ISSN (Print) - 0012-9976 | ISSN (Online) - 2349-8846

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Historical Identity and Cultural Difference

Questions of identity and difference have often been articulated within two broad strands of scholarship. One that stresses transnational processes and overlapping histories and the other that looks to the fragmentary and everyday processes in the past and the present, emphasising critical difference over historical identity. This paper explores two critical events of current history; two seemingly disparate cases that show persistent affinities - the opening ceremony of the Sydney Games in 2000 and the destruction of the Bamiyan Buddhas early this year - as a starting point in thinking through discrete academic orientations toward identity and difference.

This brief essay explores issues of identity and questions of difference by considering key provisions of culture and power, particularly the stipulations of enchanted spaces and modern places. These issues and such terms lie at the heart of contemporary politics, finding distinct articulations within recent scholarship. For the purposes of the present discussion, we might usefully distinguish between two broad scholarly orientations.1 On the one hand, over the past two decades a close questioning of the limits of the ‘local’ has been accompanied by an emphasis on the multiple mappings of colonial histories and the plural plottings of contemporary cultures, especially within newer ethnography and historical anthropology. Here identity and difference are understood as constituted within transnational processes, intersecting cultures, and overlapping histories.2  On the other hand, during this time critical scholarship has interrogated the embedding of modern history in narratives of the nation, models of progress, and the ‘telos’ of modernity. It has turned rather to the recuperation of the singular, the fragmentary, and the everyday in processes of the past and the present, emphasising the ethics of critical difference over the reason of historical identity or sameness.3  Taken together, at stake in such dissimilar apprehensions are the place of identity and the presence of difference within modern regimes of power and disciplinary grids of knowledge.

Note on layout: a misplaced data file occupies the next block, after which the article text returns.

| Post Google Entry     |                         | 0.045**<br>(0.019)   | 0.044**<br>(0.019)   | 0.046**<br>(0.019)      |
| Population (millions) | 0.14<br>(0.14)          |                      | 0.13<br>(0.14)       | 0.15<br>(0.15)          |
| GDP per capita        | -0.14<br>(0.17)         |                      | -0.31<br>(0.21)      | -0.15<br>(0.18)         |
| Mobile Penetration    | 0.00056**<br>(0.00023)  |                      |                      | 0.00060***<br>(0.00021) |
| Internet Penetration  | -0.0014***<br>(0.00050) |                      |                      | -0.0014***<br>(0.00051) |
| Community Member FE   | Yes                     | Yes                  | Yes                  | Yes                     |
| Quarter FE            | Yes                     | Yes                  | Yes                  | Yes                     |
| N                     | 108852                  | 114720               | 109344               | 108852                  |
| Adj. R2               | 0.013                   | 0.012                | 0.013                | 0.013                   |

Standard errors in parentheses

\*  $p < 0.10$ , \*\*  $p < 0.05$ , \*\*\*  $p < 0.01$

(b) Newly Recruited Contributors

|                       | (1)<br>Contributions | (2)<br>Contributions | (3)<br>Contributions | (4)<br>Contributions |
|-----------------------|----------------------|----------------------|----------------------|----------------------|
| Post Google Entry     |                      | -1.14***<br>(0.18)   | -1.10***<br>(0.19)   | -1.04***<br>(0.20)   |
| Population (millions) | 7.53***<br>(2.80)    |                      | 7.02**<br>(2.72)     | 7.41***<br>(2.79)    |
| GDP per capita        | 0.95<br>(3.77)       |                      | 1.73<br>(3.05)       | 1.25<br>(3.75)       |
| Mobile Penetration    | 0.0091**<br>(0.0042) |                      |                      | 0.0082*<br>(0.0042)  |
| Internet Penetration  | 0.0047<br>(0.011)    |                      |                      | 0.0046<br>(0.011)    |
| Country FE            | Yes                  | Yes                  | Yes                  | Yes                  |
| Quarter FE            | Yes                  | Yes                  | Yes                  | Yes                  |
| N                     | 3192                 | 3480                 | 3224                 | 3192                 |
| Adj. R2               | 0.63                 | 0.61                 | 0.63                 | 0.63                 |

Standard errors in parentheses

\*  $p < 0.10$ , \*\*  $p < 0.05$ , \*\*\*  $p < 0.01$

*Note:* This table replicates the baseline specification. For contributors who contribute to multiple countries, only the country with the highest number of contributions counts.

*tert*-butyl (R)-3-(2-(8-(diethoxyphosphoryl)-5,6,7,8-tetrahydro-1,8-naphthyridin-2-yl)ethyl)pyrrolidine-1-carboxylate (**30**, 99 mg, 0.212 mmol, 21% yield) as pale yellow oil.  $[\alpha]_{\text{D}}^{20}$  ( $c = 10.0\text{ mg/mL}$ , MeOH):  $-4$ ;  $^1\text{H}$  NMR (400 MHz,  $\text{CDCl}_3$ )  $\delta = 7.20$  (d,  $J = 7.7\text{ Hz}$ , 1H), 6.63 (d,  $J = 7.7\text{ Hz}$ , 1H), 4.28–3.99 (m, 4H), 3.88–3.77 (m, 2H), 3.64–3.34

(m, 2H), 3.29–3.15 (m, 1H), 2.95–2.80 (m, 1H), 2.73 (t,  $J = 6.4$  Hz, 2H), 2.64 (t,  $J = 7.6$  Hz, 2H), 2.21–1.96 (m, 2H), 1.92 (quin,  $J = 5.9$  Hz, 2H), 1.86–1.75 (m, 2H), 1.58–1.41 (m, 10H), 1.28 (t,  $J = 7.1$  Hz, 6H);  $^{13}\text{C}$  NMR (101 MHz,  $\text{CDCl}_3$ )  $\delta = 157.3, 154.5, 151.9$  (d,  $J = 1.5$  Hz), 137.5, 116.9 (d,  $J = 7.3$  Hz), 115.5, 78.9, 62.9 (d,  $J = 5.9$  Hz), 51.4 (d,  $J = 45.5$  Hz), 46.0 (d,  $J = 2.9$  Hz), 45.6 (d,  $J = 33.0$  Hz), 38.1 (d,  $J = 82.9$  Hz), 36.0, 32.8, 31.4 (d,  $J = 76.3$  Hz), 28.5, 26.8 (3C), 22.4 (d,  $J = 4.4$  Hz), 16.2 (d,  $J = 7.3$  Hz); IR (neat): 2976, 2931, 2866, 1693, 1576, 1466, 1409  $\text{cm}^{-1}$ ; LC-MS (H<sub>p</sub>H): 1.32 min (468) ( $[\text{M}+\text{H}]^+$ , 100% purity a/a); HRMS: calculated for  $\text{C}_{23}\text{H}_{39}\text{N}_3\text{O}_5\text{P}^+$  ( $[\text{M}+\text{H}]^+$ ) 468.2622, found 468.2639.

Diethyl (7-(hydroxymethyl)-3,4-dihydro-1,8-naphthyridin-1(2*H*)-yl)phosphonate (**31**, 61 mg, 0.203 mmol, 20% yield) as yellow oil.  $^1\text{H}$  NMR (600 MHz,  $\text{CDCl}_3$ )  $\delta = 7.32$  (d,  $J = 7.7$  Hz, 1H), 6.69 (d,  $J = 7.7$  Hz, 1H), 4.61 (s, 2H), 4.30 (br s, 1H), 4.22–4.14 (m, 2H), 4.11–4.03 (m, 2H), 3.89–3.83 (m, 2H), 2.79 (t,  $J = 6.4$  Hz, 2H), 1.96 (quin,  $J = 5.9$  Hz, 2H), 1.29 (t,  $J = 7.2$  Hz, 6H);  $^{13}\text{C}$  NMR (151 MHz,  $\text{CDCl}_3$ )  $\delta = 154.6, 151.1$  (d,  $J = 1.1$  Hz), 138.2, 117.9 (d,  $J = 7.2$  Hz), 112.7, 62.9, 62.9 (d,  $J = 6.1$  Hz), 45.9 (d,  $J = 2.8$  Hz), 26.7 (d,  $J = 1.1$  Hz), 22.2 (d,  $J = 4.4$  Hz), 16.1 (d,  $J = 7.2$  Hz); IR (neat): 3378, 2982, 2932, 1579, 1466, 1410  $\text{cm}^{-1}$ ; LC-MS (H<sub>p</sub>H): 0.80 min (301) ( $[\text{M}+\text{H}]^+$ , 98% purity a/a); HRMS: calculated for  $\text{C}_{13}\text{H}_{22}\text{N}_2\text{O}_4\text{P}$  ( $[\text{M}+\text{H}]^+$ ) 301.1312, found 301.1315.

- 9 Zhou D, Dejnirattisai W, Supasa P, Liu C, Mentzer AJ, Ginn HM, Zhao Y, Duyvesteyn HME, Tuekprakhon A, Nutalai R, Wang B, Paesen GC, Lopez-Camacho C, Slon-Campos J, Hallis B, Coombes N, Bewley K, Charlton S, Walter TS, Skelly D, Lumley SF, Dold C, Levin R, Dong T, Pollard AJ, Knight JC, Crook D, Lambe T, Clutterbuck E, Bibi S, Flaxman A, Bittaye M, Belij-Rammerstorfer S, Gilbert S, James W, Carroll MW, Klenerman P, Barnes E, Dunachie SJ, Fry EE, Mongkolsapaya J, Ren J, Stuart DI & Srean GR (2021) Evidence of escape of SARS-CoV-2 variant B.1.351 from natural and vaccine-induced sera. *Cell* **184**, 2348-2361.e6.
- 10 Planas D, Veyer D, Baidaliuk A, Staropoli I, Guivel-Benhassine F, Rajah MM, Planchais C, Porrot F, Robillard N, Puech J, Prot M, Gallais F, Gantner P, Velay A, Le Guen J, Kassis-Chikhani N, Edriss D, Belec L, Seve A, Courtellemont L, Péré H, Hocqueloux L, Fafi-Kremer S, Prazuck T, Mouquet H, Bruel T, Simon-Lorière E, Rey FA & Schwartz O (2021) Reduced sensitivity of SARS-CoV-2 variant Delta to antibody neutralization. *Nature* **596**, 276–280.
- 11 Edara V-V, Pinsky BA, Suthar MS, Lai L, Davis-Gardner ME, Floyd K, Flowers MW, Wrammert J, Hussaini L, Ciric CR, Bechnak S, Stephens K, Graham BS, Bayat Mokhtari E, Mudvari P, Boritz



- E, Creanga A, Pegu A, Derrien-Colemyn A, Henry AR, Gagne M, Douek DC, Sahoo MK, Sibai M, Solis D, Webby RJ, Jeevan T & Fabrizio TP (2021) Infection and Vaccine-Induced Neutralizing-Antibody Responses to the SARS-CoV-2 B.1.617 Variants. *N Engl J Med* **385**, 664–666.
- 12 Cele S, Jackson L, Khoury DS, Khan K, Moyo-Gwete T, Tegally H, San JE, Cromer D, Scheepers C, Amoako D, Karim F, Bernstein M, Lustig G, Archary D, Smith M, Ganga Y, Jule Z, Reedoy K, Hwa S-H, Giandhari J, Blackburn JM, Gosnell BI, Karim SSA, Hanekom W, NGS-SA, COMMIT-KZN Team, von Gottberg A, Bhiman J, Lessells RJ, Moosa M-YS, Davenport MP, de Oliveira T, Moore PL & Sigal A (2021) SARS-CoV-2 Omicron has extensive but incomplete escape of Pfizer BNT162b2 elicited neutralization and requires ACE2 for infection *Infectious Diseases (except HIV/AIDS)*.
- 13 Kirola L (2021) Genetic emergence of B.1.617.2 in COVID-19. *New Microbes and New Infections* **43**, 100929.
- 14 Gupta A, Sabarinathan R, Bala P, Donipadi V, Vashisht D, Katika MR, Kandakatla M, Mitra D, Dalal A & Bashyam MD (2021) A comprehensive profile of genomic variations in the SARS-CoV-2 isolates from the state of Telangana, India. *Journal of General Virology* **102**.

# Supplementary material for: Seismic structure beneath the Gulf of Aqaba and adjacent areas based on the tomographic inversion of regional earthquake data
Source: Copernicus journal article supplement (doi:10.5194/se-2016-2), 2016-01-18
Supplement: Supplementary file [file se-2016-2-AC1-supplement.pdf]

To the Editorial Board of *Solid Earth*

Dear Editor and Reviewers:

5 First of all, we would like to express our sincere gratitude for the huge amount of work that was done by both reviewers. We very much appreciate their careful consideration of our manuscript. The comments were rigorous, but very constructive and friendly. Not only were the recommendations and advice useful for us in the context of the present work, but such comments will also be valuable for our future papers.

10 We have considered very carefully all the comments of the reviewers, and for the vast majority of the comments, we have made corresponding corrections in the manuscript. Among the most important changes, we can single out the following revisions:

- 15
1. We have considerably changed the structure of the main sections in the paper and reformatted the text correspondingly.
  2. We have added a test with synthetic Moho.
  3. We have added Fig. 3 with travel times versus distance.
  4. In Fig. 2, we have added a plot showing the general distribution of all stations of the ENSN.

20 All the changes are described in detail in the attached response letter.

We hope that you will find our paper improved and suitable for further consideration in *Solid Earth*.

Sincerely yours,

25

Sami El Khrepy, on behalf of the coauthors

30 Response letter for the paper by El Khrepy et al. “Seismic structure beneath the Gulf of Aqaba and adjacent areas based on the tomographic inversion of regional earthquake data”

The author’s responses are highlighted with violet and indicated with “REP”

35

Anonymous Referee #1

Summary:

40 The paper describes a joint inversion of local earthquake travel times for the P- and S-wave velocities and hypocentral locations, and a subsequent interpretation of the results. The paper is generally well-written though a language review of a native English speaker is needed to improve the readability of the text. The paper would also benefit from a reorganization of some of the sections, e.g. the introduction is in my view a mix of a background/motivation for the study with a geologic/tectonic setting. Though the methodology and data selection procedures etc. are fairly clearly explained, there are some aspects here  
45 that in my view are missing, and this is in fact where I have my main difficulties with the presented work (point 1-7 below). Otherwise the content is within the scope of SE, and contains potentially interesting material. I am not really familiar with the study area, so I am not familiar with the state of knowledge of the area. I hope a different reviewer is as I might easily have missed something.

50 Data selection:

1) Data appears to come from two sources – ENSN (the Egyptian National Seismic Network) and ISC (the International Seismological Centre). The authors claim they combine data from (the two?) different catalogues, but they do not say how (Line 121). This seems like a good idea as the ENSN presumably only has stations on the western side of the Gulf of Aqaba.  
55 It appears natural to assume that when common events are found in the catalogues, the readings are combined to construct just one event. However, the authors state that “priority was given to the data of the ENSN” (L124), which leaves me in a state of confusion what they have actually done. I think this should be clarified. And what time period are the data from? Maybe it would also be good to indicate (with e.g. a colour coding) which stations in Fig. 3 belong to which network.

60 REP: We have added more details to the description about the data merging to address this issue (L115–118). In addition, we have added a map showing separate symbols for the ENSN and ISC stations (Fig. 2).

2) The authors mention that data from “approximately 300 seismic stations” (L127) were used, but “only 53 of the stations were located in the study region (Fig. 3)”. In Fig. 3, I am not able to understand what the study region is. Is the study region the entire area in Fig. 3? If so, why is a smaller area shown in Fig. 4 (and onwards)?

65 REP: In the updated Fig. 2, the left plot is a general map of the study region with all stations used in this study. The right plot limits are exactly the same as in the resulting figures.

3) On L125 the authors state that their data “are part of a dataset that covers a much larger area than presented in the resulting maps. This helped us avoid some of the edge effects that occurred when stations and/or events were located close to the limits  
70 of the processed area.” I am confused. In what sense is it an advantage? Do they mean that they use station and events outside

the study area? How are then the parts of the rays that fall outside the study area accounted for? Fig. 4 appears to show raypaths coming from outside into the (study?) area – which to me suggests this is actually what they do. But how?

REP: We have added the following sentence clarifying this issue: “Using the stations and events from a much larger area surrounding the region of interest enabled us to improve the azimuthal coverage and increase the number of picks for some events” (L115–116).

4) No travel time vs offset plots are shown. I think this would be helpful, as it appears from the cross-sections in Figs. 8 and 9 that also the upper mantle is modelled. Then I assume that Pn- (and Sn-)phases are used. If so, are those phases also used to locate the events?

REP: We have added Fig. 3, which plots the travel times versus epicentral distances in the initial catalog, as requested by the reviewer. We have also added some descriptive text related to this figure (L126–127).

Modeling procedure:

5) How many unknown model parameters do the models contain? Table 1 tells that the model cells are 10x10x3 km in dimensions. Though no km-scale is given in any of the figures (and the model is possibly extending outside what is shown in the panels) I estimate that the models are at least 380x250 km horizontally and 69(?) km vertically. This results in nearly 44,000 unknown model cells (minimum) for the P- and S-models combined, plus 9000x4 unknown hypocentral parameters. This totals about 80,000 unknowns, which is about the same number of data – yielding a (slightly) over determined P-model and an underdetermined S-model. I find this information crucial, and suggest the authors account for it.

It follows that one manner of articulating questions of identity and difference consists of focusing on such overlapping strains in contemporary scholarship. At the same time, this essay adopts a different tack in addressing the issues at hand, discussing rather examples from cultural politics and political cultures in the here and now. Actually, in its own way, such an endeavour also provides the basis for thinking through the discrete academic orientations toward identity and difference that I have outlined above. And so this paper explores two critical events of current history, the opening ceremony of the Olympic Games in Sydney in 2000, and the destruction of the Buddhas of Bamiyan by the Taliban in Afghanistan early in 2001. At the risk of pre-empting matters somewhat, these seemingly disparate cases show persistent affinities. In both, dominant representations of difference appear simultaneously as embedded in the past and as emblematic of the present. Considered together, the first instance serves to highlight the rehearsal of difference within statist-stagist multiculturalism, also intimating the risks of privileging cultural difference and identitarian subjectivity as ethical, epistemological, and ontological a priori in front of power. The second example reveals the limits of envisioning the world in terms of historical identity – confronting the ruse of imagining all pasts, every present, each future in the mirror of a bloated and imaginary west.4  Briefly, by means of these examples and an analytical coda, I seek to rethink issues of identity and difference and questions of power and alterity through critical filters.


Enchanted and the Modern

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